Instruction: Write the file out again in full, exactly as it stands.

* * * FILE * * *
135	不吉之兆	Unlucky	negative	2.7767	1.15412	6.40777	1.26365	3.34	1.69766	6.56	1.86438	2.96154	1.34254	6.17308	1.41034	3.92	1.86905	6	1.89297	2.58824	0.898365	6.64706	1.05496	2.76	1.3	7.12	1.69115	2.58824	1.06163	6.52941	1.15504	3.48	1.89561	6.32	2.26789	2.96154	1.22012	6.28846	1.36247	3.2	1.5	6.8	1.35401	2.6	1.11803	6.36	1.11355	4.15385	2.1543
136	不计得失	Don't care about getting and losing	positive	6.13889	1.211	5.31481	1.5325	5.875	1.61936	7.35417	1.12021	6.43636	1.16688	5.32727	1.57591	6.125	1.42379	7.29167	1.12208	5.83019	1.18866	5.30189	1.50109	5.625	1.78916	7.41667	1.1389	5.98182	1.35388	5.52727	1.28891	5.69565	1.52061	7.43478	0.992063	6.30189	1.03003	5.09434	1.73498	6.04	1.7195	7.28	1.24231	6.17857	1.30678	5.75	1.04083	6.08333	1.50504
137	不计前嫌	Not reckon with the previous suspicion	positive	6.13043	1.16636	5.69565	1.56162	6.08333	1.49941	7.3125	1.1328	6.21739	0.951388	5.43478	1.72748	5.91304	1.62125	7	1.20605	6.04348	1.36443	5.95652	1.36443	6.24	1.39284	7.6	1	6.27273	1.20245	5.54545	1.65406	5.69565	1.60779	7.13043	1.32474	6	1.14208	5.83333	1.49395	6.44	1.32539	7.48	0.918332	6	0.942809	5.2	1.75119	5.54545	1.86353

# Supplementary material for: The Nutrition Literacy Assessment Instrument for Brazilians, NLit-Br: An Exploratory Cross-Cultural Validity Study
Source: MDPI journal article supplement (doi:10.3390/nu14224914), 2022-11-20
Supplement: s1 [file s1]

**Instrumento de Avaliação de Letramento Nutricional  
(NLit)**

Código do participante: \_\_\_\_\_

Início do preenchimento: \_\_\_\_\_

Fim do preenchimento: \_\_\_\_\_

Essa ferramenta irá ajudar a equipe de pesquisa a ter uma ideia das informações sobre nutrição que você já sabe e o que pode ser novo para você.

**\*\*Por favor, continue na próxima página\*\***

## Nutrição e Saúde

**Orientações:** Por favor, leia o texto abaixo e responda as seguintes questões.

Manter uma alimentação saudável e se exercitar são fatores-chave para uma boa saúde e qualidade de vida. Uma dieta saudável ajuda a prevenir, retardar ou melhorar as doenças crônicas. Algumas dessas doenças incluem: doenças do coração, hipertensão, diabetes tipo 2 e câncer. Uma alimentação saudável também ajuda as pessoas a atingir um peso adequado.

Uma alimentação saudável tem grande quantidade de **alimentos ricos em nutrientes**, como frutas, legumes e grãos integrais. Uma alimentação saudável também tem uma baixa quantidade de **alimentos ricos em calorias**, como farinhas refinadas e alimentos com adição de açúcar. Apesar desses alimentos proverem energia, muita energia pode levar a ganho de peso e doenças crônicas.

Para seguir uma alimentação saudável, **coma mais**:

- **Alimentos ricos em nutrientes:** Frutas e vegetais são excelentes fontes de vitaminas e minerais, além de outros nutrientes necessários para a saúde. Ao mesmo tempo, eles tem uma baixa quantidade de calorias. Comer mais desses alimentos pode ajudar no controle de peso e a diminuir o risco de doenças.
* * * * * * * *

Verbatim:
135	不吉之兆	Unlucky	negative	2.7767	1.15412	6.40777	1.26365	3.34	1.69766	6.56	1.86438	2.96154	1.34254	6.17308	1.41034	3.92	1.86905	6	1.89297	2.58824	0.898365	6.64706	1.05496	2.76	1.3	7.12	1.69115	2.58824	1.06163	6.52941	1.15504	3.48	1.89561	6.32	2.26789	2.96154	1.22012	6.28846	1.36247	3.2	1.5	6.8	1.35401	2.6	1.11803	6.36	1.11355	4.15385	2.1543
136	不计得失	Don't care about getting and losing	positive	6.13889	1.211	5.31481	1.5325	5.875	1.61936	7.35417	1.12021	6.43636	1.16688	5.32727	1.57591	6.125	1.42379	7.29167	1.12208	5.83019	1.18866	5.30189	1.50109	5.625	1.78916	7.41667	1.1389	5.98182	1.35388	5.52727	1.28891	5.69565	1.52061	7.43478	0.992063	6.30189	1.03003	5.09434	1.73498	6.04	1.7195	7.28	1.24231	6.17857	1.30678	5.75	1.04083	6.08333	1.50504
137	不计前嫌	Not reckon with the previous suspicion	positive	6.13043	1.16636	5.69565	1.56162	6.08333	1.49941	7.3125	1.1328	6.21739	0.951388	5.43478	1.72748	5.91304	1.62125	7	1.20605	6.04348	1.36443	5.95652	1.36443	6.24	1.39284	7.6	1	6.27273	1.20245	5.54545	1.65406	5.69565	1.60779	7.13043	1.32474	6	1.14208	5.83333	1.49395	6.44	1.32539	7.48	0.918332	6	0.942809	5.2	1.75119	5.54545	1.86353

# Supplementary material for: The Nutrition Literacy Assessment Instrument for Brazilians, NLit-Br: An Exploratory Cross-Cultural Validity Study
Source: MDPI journal article supplement (doi:10.3390/nu14224914), 2022-11-20
Supplement: s1 [file s1]

**Instrumento de Avaliação de Letramento Nutricional  
(NLit)**

Código do participante: \_\_\_\_\_

Início do preenchimento: \_\_\_\_\_

Fim do preenchimento: \_\_\_\_\_

Essa ferramenta irá ajudar a equipe de pesquisa a ter uma ideia das informações sobre nutrição que você já sabe e o que pode ser novo para você.

**\*\*Por favor, continue na próxima página\*\***

## Nutrição e Saúde

**Orientações:** Por favor, leia o texto abaixo e responda as seguintes questões.

Manter uma alimentação saudável e se exercitar são fatores-chave para uma boa saúde e qualidade de vida. Uma dieta saudável ajuda a prevenir, retardar ou melhorar as doenças crônicas. Algumas dessas doenças incluem: doenças do coração, hipertensão, diabetes tipo 2 e câncer. Uma alimentação saudável também ajuda as pessoas a atingir um peso adequado.

Uma alimentação saudável tem grande quantidade de **alimentos ricos em nutrientes**, como frutas, legumes e grãos integrais. Uma alimentação saudável também tem uma baixa quantidade de **alimentos ricos em calorias**, como farinhas refinadas e alimentos com adição de açúcar. Apesar desses alimentos proverem energia, muita energia pode levar a ganho de peso e doenças crônicas.

Para seguir uma alimentação saudável, **coma mais**:

- **Alimentos ricos em nutrientes:** Frutas e vegetais são excelentes fontes de vitaminas e minerais, além de outros nutrientes necessários para a saúde. Ao mesmo tempo, eles tem uma baixa quantidade de calorias. Comer mais desses alimentos pode ajudar no controle de peso e a diminuir o risco de doenças.